Numerous studies have been reported on the dropwise vapor to liquid phase transition since the pioneering work of Wilson in 1879.^{1} An extensive overview of the past 100+ years of experimental and theoretical developments in condensation study has been published by Wyslouzil and Wölk (2016).^{2} One of the puzzling aspects is the effect of the carrier gas and pressure on nucleation.^{3–7} A successful facility to study homogeneous nucleation is the Pulse Expansion Wave Tube (PEWT). It offers the possibility to investigate dropwise condensation in a large variety of vapor–gas mixtures at pressures from 0.1 MPa to 4 MPa and temperatures between 200 K and 260 K.^{6–22} In this article, we present new data on homogeneous nucleation of water at 0.1 MPa, 1 MPa, and 2 MPa in two different carrier gases: nitrogen at 240 K and argon at 236 K and 240 K. The novel experiments have been carried out with a recently modified version of the PEWT.^{23} A comparison is made with the homogeneous water nucleation data by Wölk and Strey^{24} in argon between 220 K and 260 K, at about 0.06 MPa, and by Fransen *et al.* at 240 K and 1 MPa in nitrogen^{21} and at 0.1 MPa and 1 MPa in helium.^{22,23} We shall discuss several aspects of the role of the carrier gas in the nucleation process. It reduces warming of the growing clusters and causes the nucleation process to be isothermal at sufficiently high pressure. At high pressure, real gas effects become important as well as the reduction in surface tension due to adsorption of gas at the phase interface. Additionally, we shall compare experimental critical cluster sizes with predictions from Classical Nucleation Theory (CNT). Finally, an empirical correction of theoretical (CNT) nucleation rate is proposed, which takes into account the influence of the different carrier gases and the effect of the investigated pressure and temperature conditions.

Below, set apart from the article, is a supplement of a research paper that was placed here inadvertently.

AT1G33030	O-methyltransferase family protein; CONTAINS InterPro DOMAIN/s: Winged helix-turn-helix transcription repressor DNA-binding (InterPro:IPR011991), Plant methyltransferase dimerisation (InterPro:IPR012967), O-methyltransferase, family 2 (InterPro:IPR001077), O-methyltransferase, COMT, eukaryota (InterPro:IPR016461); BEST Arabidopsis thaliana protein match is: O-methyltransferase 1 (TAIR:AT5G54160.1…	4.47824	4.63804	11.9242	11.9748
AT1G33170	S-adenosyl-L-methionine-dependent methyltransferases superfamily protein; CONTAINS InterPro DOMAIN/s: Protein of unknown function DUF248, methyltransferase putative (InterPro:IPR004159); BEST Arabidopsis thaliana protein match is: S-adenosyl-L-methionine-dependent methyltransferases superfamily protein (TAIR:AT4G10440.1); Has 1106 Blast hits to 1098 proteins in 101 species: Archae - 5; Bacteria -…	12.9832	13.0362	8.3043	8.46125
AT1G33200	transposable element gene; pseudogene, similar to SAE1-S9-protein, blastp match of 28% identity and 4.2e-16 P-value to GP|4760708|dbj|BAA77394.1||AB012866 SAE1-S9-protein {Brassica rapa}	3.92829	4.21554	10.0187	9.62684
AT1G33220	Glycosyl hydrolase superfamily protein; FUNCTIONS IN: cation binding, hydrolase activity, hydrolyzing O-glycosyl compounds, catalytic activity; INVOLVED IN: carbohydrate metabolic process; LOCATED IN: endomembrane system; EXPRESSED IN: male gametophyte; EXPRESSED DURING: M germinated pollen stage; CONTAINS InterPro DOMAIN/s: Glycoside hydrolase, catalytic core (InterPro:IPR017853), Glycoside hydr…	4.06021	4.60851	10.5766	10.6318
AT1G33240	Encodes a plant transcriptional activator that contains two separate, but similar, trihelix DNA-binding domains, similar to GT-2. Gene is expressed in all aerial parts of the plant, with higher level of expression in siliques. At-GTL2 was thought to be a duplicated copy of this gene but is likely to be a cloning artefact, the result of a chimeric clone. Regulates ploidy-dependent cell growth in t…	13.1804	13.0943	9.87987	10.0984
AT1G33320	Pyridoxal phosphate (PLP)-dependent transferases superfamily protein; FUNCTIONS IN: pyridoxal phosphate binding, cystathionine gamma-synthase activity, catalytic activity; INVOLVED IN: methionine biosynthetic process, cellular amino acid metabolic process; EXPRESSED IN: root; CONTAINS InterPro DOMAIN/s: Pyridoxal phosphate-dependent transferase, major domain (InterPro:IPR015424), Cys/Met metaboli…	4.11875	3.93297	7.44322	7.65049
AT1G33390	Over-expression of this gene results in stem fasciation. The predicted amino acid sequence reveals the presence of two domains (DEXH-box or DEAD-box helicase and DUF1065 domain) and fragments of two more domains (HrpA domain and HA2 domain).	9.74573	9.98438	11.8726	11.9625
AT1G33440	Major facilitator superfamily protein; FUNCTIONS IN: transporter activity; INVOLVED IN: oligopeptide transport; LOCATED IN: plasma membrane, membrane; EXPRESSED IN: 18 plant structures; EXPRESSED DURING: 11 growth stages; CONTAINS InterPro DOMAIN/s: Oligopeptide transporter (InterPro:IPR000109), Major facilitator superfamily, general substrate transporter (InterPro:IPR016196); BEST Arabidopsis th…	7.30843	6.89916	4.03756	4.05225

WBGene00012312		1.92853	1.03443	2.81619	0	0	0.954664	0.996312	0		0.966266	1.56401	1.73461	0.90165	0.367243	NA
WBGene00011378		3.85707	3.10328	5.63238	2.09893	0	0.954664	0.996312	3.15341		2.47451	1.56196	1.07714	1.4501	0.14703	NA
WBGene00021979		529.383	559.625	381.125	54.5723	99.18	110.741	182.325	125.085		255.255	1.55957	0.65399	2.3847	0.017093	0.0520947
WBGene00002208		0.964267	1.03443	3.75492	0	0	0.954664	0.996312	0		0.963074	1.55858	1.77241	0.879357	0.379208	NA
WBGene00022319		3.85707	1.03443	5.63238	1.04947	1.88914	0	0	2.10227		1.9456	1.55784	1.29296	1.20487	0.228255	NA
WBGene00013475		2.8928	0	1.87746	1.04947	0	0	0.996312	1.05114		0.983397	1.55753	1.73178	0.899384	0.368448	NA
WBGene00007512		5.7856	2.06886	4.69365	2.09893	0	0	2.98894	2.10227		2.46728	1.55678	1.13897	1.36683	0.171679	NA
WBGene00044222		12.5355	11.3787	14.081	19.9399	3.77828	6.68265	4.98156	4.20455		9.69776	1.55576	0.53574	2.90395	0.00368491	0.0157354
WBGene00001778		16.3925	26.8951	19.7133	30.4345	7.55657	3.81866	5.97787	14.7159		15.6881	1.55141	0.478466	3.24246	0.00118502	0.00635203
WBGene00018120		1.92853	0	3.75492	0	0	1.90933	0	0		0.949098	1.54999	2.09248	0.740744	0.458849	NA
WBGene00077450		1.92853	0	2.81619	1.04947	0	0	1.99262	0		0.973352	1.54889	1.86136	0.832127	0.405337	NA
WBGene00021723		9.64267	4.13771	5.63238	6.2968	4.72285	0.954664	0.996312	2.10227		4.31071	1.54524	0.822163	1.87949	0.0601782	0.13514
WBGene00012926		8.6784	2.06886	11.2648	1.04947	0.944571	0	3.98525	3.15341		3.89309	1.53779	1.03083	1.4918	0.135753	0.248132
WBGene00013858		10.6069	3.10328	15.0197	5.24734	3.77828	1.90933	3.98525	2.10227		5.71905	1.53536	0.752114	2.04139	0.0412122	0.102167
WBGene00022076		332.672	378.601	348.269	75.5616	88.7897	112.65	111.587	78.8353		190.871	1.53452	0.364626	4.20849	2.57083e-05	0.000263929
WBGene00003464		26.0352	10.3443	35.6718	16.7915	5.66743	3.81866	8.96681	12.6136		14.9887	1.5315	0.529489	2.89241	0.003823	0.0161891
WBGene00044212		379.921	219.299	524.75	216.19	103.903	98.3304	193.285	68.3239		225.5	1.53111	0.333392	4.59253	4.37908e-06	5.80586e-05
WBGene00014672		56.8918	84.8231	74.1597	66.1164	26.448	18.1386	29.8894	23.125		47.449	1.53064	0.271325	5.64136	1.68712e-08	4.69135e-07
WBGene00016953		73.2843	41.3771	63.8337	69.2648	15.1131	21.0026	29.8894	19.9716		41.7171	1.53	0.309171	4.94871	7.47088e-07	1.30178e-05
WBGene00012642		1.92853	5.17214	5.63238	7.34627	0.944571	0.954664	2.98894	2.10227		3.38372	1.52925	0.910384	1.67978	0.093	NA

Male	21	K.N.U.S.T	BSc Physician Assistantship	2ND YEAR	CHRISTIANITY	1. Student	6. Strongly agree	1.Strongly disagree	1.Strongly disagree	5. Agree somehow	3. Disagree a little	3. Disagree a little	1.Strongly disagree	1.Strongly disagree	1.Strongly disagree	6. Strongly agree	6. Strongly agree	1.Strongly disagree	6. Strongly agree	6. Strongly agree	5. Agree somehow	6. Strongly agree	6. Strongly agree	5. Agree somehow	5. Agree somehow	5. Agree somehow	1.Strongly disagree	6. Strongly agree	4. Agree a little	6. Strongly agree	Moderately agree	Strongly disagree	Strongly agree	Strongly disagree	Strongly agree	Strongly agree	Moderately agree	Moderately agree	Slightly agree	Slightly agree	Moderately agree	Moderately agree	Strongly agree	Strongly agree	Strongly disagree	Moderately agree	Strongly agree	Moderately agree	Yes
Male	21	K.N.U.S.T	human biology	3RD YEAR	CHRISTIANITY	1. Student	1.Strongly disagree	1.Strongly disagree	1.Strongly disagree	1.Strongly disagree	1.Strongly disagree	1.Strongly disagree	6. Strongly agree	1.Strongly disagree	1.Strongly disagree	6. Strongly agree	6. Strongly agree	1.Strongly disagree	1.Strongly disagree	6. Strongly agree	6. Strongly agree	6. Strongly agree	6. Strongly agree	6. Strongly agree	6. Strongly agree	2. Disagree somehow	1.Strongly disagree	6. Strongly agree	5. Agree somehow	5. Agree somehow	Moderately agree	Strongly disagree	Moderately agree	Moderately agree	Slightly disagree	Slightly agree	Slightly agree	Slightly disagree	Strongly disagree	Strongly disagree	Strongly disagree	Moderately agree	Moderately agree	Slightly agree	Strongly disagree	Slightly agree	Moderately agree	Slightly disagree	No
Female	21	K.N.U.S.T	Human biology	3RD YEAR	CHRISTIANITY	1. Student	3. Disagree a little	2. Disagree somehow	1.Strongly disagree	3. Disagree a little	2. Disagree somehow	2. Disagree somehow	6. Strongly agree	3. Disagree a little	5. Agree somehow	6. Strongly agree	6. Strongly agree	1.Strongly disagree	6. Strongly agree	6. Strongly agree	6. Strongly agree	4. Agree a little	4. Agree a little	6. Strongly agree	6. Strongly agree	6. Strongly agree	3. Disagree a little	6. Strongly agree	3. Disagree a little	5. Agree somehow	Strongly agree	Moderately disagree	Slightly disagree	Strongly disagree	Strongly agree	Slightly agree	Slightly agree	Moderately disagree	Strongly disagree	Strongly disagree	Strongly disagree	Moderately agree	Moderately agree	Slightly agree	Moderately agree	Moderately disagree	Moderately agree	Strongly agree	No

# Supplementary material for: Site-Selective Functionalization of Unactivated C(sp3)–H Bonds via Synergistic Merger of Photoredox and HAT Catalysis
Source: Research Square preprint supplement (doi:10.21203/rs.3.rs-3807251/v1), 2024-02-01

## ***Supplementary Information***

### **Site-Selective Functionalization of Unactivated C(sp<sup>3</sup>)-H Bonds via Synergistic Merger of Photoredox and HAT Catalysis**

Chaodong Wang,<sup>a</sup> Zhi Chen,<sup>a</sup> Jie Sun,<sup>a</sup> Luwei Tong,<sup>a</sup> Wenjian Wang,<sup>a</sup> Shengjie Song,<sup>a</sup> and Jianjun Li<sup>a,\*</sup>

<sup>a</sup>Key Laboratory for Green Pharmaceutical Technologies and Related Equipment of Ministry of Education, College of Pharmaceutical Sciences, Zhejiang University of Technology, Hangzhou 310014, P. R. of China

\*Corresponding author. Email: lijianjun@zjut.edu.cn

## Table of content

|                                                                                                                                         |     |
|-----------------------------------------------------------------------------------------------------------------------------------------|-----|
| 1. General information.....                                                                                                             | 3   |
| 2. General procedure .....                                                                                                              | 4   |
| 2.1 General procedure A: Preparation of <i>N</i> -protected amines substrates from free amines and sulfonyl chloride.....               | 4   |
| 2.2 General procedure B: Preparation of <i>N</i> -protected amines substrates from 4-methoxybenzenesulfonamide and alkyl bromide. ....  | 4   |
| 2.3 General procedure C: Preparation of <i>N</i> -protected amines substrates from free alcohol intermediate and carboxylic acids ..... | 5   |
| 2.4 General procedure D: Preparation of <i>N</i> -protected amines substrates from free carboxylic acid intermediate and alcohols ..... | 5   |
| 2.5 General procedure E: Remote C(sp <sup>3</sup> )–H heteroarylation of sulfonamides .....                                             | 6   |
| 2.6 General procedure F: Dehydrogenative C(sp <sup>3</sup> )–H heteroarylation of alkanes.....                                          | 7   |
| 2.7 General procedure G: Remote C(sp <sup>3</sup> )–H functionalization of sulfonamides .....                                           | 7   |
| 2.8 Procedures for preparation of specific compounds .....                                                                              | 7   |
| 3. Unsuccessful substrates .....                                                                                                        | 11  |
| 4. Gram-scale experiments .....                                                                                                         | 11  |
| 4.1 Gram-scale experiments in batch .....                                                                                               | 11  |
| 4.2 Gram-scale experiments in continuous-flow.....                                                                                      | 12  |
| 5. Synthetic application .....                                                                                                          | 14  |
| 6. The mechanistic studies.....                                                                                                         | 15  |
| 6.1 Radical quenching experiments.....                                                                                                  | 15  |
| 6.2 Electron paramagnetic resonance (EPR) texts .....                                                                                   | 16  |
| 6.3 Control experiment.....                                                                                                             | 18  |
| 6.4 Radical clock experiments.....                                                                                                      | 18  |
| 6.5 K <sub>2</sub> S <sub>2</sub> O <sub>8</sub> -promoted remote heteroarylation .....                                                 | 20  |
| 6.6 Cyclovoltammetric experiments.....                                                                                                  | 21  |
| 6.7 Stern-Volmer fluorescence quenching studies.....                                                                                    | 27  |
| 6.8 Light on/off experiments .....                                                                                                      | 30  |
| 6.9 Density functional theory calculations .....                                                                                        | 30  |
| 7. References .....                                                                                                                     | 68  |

## II. THEORETICAL BACKGROUND